On account of popular sentiment and the legal situation in England it seems impossible to make any laws or regulations limiting the temptations to which men are exposed. As a result it appears that solicitation on streets and other places is rather open and unchecked.

               A diseased woman can not be restrained unless a man appears in court and accuses her of having communicated the disease to him.

               From a study of our naval statistics it appears that the number of cases of venereal diseases on our own ships on active duty is small.6 It is only during liberty periods that venereal disease increases, and under these circumstances it has proven to be a serious problem. During the period when any of our ships are in port for the purpose of repairs or granting liberty there is practically always an increase in the number of venereal diseases.

               All the Medical Officers of the Forces of this command are actively and conscientiously doing their utmost to prevent these diseases. The dangers of venereal infection and the manifold miseries which follow in its train are constantly held up before the men by the Medical Officers through lectures, etc. That the only guarentee of safety is self restraint and correct living is pointed out and emphazised in these lectures and advice of the Medical Officers. The men are constantly warned that when they depart from clean habits of thought and living they not only expose themselves to great danger but are incurring the added risk of rendering themselves ineffective and a burden to their country in a time when the highest efforts of every man are needed.7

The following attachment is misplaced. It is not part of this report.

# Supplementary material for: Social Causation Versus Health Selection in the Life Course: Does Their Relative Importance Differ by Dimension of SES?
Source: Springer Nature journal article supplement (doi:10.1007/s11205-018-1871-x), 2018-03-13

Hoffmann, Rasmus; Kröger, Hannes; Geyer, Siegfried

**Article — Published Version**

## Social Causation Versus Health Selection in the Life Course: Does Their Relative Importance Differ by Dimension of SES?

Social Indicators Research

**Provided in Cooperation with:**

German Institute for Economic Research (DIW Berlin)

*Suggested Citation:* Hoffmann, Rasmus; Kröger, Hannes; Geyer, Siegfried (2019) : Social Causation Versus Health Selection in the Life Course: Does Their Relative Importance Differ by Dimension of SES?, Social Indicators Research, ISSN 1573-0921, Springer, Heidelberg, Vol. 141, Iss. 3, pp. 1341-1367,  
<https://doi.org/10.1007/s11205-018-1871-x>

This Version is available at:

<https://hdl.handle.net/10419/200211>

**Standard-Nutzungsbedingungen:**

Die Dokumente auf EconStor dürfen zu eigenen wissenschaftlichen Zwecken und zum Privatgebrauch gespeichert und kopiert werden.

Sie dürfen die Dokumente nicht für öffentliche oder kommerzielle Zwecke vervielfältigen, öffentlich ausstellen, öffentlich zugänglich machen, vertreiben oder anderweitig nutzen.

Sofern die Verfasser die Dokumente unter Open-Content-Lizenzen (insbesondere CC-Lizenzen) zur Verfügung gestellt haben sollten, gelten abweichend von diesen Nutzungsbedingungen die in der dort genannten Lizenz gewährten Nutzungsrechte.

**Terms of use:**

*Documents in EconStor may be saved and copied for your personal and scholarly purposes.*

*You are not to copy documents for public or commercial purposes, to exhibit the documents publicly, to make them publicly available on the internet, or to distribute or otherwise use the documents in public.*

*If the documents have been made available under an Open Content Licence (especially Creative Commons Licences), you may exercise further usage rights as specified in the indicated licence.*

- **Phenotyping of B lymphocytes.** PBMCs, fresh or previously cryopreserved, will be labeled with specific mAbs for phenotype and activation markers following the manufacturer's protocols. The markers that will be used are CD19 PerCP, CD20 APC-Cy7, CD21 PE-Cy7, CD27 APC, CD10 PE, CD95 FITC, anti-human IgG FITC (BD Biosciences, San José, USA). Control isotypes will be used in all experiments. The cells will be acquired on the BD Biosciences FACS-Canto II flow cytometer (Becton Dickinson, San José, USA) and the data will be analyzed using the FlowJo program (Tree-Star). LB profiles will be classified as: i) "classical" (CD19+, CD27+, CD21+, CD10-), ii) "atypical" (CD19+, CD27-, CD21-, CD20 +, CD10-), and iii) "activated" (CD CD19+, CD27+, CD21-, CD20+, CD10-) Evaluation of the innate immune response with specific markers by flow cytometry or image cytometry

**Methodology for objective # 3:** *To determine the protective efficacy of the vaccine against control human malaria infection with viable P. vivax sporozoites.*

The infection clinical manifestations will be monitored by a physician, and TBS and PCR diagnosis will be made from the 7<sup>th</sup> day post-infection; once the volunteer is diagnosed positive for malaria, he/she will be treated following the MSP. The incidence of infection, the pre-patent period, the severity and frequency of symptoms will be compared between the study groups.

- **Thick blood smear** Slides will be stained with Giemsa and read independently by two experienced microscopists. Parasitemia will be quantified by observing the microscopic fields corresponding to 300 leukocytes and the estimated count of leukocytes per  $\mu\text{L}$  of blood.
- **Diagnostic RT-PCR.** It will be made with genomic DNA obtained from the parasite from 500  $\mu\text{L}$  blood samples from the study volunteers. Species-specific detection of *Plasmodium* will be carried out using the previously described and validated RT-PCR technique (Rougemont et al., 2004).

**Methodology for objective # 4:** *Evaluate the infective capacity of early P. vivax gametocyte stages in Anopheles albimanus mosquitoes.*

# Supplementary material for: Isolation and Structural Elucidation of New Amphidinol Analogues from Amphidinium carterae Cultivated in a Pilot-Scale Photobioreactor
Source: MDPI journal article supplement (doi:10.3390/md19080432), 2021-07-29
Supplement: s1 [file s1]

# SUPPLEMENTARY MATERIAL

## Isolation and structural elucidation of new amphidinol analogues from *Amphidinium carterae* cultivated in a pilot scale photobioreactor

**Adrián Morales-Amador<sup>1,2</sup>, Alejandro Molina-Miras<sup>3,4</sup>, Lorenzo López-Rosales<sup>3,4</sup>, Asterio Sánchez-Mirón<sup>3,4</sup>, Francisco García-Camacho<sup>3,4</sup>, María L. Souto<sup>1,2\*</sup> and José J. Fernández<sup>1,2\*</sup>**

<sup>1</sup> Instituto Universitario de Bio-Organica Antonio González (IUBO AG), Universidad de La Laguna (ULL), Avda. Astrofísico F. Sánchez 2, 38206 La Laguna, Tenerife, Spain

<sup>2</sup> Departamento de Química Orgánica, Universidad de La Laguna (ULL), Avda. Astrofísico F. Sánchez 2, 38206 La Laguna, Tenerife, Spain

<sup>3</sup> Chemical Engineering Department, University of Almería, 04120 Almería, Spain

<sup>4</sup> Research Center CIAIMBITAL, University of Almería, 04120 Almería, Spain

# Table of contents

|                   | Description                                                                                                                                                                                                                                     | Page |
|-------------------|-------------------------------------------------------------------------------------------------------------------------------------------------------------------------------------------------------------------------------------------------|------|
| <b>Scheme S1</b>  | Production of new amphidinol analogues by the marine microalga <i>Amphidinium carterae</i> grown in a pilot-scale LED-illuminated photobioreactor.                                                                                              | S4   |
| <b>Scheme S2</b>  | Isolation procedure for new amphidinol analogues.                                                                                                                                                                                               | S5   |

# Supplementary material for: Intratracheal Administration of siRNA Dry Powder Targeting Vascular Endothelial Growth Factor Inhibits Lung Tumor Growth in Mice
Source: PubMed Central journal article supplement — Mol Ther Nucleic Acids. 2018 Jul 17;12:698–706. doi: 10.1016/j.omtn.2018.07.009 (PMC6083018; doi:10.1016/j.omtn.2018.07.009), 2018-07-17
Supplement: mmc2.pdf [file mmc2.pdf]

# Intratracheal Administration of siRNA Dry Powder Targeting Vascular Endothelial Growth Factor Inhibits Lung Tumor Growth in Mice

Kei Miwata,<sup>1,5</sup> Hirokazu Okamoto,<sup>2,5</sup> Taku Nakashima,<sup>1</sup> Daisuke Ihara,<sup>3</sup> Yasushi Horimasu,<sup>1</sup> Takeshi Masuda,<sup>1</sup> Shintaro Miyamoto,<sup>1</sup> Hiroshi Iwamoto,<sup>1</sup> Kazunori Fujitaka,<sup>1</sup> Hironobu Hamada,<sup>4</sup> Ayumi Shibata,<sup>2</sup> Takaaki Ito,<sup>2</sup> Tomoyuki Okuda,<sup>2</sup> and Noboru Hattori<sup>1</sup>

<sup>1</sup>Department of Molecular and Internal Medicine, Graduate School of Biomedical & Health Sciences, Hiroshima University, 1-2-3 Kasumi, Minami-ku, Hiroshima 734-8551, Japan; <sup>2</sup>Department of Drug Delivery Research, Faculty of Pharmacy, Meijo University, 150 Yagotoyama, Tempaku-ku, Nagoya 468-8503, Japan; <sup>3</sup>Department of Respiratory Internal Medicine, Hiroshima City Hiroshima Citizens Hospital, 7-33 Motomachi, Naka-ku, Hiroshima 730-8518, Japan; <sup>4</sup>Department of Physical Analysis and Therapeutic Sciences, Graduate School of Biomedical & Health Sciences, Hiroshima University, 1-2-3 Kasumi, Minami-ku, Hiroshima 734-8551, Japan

Your information that the Commission on Training Camp Activities will shortly extend their work here and that a Medical Officer fully informed as to all the methods in use in the United States will be sent over is welcome news, and I assure you that all efforts and measures which they undertake will meet with the most hearty approval and assistance of all the forces.8


Source Note: TDS, DLC-MSS, Josephus Daniels Papers, Roll 62.

Footnote 1: Daniels’ letter has not been found.

Footnote 2: Someone has handwritten parentheses in the margin around his paragraph and at the bottom of the page is a notation that reads: “See memo under M & S.”

Footnote 3: Daniels was opposed to the use of prophylactics. In 1915 Daniels ordered that their use be discontinued in the U.S. Navy despite the fact that even the Surgeon General of the Navy admitted they were effective. Still, Crisis at Sea: 225.

Footnote 4: Capt. Walton R. Sexton, who was Sims’ assistant chief of staff; Medical Inspector Edgar Thompson served on the medical section of Sims’ staff.

Footnote 5: Bishop Charles H. Brent, Chaplain General of the American Expeditionary Forces.

Footnote 6: Despite what Sims wrote here, Raymond Fosdick, chairman of the Commission on Training Camp Activities, wrote after the war that the rate of venereal disease in the Navy was “considerably higher than that of the Army.” Ibid., 225.

Footnote 7: Daniel was a determined moralist who believed that an appeal to sailors to “practice sexual continence” would be effective. He also believed that alcohol was a factor in the spread of venereal disease and worked to suppress their sale to American military personnel. Daniels, Years of War and After: 195-96.

Footnote 8: It would appear that exclusion of alcohol from military bases was the new method being promoted. Ibid., 196.